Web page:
Berger studied brain circulation,and psychophysiology. recording device he first used the Lippmann capillary
However his main contribution to medicine and electrometer, but results were disappointing. He then
neurology was the systematic study of the electrical switched to the string galvanometer and later to a
activity of human brain and the development of double-coil Siemens recording galvanometer, which
electroencephalography (EEG), following the allowed him to record electrical voltages as small as
pioneering work done by Richard Caton (1842-1926) one ten thousandth of a volt. The resulting output, up to
in England with animals. In 1924, Berger made the three seconds in duration, was then photographed by an
first EEG recording in man. Using the EEG he was assistant.
also the first to describe the different waves or rhythms
which were present in the normal and abnormal brain,
such as the alpha wave rhythm (8-12 Hz), also known
as Berger's wave; and its suppression (substitution by
the faster beta waves) when the subject opens the eyes
(the so-called alpha blockade). He also studied and
described for the first time the nature of EEG Fig-3 The first EEG recording, obtained by Hans Berger in
alterations in brain diseases such as epilepsy and 1929
tumors.His method involved inserting silver wires
under the patients scalp, one at the front of the head
and one at the back. Later he used silver foil electrodes

x
CONTENTS

Introduction Chapter 7
Physiological basis of the EEG................................vii Activation procedures................................................75
History of electroencephalography...........................ix

Chapter 1 Part Two


Principles in recording of EEG...................................1 Abnormal EEG patterns…..........................................83

Chapter 2
Techniques of EEG recording....................................5 Chapter 8
Special electrodes……………..……………………..9
Derivations………………………………………..…10 Epileptic discharges....................................................85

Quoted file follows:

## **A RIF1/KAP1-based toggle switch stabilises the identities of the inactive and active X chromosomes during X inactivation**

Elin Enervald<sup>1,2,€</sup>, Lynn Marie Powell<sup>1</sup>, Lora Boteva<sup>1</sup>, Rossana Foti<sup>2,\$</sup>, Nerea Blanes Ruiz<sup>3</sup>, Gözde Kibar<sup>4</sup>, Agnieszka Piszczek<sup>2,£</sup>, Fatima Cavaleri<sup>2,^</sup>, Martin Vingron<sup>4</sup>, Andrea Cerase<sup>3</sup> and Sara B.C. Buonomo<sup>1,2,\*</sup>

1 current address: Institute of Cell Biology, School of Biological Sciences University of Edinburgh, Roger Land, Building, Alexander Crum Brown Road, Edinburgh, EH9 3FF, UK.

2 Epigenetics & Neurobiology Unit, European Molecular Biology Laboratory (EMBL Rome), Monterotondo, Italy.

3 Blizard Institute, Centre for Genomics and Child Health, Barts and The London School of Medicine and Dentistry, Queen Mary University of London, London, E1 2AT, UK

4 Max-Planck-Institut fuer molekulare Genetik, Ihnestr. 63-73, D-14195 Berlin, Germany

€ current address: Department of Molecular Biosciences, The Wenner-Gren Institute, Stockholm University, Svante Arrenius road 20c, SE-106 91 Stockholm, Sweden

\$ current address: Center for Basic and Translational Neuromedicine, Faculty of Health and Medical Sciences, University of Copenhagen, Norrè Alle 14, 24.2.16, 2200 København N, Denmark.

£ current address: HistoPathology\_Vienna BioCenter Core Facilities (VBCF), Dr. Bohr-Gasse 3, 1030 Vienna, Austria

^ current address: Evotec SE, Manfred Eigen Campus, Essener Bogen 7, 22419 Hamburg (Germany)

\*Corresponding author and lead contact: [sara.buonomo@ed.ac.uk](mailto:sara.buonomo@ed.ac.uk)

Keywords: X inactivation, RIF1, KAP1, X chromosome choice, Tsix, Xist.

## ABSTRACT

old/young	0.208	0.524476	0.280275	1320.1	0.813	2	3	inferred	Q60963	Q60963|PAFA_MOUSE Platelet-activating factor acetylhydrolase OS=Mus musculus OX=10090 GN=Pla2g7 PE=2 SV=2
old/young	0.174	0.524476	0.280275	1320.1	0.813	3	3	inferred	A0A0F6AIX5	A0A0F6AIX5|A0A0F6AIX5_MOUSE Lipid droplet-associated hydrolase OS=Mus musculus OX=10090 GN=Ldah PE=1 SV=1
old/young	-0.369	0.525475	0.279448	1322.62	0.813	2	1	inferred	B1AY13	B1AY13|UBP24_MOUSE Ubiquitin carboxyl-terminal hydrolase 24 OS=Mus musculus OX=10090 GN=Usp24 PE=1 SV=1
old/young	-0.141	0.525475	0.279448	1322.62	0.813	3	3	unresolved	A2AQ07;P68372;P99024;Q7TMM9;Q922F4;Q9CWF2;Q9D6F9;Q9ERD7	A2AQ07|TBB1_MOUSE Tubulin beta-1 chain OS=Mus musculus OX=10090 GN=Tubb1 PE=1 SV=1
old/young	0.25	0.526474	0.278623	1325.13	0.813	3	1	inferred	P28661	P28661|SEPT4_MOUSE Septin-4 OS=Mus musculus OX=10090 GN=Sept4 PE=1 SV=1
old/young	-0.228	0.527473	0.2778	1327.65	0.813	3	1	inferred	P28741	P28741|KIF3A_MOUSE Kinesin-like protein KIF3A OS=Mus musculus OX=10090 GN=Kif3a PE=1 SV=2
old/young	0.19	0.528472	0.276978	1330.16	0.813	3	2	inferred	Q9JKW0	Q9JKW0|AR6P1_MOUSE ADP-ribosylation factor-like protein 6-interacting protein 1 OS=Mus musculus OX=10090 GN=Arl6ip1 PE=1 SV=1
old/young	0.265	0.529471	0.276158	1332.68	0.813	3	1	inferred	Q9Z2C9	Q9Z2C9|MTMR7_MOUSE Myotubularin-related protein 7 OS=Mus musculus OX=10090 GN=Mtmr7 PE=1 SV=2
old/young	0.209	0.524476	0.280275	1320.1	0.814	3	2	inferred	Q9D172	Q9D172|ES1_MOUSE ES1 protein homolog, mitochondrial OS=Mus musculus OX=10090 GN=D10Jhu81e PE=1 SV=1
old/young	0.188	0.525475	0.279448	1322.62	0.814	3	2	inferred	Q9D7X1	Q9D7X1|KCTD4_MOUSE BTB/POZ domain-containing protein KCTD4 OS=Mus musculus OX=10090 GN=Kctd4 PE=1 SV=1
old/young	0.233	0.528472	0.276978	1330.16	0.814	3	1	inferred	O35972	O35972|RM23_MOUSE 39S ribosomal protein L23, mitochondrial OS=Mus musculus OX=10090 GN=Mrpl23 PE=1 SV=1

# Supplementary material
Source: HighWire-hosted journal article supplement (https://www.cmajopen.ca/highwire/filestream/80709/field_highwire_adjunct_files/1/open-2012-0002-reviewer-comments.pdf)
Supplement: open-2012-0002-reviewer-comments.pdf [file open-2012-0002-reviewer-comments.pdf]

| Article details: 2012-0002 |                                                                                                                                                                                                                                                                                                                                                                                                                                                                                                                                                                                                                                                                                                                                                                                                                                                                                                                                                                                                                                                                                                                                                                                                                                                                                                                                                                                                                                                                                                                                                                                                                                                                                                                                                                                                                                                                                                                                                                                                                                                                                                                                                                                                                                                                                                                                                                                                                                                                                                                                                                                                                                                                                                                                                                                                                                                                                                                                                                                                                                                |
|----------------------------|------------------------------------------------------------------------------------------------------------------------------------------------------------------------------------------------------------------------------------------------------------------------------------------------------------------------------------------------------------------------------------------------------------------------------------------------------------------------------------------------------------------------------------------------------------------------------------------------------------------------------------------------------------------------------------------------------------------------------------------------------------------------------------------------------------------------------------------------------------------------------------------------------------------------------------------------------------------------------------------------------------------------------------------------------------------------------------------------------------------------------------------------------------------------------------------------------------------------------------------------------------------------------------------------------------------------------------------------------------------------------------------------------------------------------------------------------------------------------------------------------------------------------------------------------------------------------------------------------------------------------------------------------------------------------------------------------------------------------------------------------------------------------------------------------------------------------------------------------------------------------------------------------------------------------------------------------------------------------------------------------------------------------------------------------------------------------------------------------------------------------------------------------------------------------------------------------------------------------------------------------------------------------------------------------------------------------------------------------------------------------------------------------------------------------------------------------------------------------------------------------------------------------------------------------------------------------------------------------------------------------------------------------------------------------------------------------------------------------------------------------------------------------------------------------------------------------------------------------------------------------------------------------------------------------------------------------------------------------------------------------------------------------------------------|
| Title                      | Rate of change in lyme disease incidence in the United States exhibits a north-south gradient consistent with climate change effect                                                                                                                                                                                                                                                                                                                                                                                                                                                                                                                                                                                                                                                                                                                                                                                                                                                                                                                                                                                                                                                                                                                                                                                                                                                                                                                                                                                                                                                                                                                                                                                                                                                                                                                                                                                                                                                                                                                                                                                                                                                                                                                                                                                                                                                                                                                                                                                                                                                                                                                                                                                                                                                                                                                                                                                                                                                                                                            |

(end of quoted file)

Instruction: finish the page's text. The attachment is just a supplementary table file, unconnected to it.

Montages ……...……………………….…………....10
Polarity conventions…………………...................…11
Methods of derivation…………………..…………..13
Chapter 9
Electroencephalography in common epileptic
Chapter 3 syndromes...................................................................97

Localization and polarity............................................15


Chapter 10
Epileptiform normal variants....................................125
Chapter 4
Normal adult EEG.......................................................23
Chapter 11
Nonepileptic abnormalities.......................................139
Chapter 5 Abnormalities of the background rhythms............139
Abnormal sleep patterns..........................................145
EEG artifacts..............................................................39 Focal or generalized slow activity.........................147
Abnormal periodic patterns.....................................166

Chapter 6 Chapter 12
Normal sleep EEG......................................................59 Reading and reporting EEG...................................179

xi
Chapter 1

Principles in Recording of EEG

Before describtion of normal EEG some basic 7µV/mm will produce a pen deflection of 1mm or
principles of recording of an EEG should be noticed: an input voltage of 70µV/mm, a pen deflection of
1. First it should be emphasized that a cooperative and 10mm or 1cm. If high amplitude potentials appear
relaxed patient is essential for an ideal EEG study. during recording so that the pens are
An intelligent and trained technician can often overloaded(making a square top), the sensitivity is